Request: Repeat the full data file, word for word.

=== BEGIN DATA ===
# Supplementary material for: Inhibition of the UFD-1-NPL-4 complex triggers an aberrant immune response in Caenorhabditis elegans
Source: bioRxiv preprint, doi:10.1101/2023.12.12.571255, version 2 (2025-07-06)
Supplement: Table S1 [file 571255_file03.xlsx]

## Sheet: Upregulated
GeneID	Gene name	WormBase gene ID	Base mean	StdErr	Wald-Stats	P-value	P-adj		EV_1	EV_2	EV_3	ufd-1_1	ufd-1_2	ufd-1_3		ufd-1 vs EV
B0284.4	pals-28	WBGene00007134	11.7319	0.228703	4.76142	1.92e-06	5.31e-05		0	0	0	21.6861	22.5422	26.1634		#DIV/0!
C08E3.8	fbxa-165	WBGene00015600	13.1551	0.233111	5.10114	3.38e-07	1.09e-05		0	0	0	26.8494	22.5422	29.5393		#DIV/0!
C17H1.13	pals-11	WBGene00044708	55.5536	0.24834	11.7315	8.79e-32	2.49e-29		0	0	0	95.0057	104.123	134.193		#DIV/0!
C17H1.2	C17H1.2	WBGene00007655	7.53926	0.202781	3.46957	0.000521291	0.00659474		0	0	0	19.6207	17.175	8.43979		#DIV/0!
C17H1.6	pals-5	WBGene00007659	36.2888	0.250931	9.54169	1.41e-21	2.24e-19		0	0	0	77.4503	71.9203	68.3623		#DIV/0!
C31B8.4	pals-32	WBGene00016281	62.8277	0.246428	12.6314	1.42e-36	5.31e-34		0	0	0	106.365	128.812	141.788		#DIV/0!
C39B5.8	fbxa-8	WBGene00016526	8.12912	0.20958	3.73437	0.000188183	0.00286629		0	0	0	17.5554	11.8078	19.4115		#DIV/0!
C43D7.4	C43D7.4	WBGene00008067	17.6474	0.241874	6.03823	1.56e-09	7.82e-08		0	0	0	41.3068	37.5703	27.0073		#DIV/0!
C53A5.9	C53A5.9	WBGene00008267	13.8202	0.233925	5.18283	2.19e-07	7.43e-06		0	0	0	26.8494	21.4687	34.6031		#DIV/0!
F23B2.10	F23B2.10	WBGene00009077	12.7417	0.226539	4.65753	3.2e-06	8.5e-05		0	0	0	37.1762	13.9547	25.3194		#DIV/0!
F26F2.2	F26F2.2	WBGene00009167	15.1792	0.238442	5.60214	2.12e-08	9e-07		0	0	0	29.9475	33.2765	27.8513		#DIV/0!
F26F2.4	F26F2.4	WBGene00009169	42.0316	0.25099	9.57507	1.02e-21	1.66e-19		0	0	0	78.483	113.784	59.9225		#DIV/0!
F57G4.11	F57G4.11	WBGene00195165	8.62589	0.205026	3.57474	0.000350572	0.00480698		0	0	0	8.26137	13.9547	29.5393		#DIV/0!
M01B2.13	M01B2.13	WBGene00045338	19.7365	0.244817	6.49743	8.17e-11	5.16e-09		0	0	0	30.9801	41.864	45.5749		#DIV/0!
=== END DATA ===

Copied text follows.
# Supplementary material for: Inhibition of the UFD-1-NPL-4 complex triggers an aberrant immune response in Caenorhabditis elegans
Source: bioRxiv preprint, doi:10.1101/2023.12.12.571255, version 2 (2025-07-06)
Supplement: Table S1 [file 571255_file03.xlsx]

## Sheet: Upregulated
GeneID	Gene name	WormBase gene ID	Base mean	StdErr	Wald-Stats	P-value	P-adj		EV_1	EV_2	EV_3	ufd-1_1	ufd-1_2	ufd-1_3		ufd-1 vs EV
B0284.4	pals-28	WBGene00007134	11.7319	0.228703	4.76142	1.92e-06	5.31e-05		0	0	0	21.6861	22.5422	26.1634		#DIV/0!
C08E3.8	fbxa-165	WBGene00015600	13.1551	0.233111	5.10114	3.38e-07	1.09e-05		0	0	0	26.8494	22.5422	29.5393		#DIV/0!
C17H1.13	pals-11	WBGene00044708	55.5536	0.24834	11.7315	8.79e-32	2.49e-29		0	0	0	95.0057	104.123	134.193		#DIV/0!
C17H1.2	C17H1.2	WBGene00007655	7.53926	0.202781	3.46957	0.000521291	0.00659474		0	0	0	19.6207	17.175	8.43979		#DIV/0!
C17H1.6	pals-5	WBGene00007659	36.2888	0.250931	9.54169	1.41e-21	2.24e-19		0	0	0	77.4503	71.9203	68.3623		#DIV/0!
C31B8.4	pals-32	WBGene00016281	62.8277	0.246428	12.6314	1.42e-36	5.31e-34		0	0	0	106.365	128.812	141.788		#DIV/0!
C39B5.8	fbxa-8	WBGene00016526	8.12912	0.20958	3.73437	0.000188183	0.00286629		0	0	0	17.5554	11.8078	19.4115		#DIV/0!
C43D7.4	C43D7.4	WBGene00008067	17.6474	0.241874	6.03823	1.56e-09	7.82e-08		0	0	0	41.3068	37.5703	27.0073		#DIV/0!
C53A5.9	C53A5.9	WBGene00008267	13.8202	0.233925	5.18283	2.19e-07	7.43e-06		0	0	0	26.8494	21.4687	34.6031		#DIV/0!
F23B2.10	F23B2.10	WBGene00009077	12.7417	0.226539	4.65753	3.2e-06	8.5e-05		0	0	0	37.1762	13.9547	25.3194		#DIV/0!
F26F2.2	F26F2.2	WBGene00009167	15.1792	0.238442	5.60214	2.12e-08	9e-07		0	0	0	29.9475	33.2765	27.8513		#DIV/0!
F26F2.4	F26F2.4	WBGene00009169	42.0316	0.25099	9.57507	1.02e-21	1.66e-19		0	0	0	78.483	113.784	59.9225		#DIV/0!
F57G4.11	F57G4.11	WBGene00195165	8.62589	0.205026	3.57474	0.000350572	0.00480698		0	0	0	8.26137	13.9547	29.5393		#DIV/0!
M01B2.13	M01B2.13	WBGene00045338	19.7365	0.244817	6.49743	8.17e-11	5.16e-09		0	0	0	30.9801	41.864	45.5749		#DIV/0!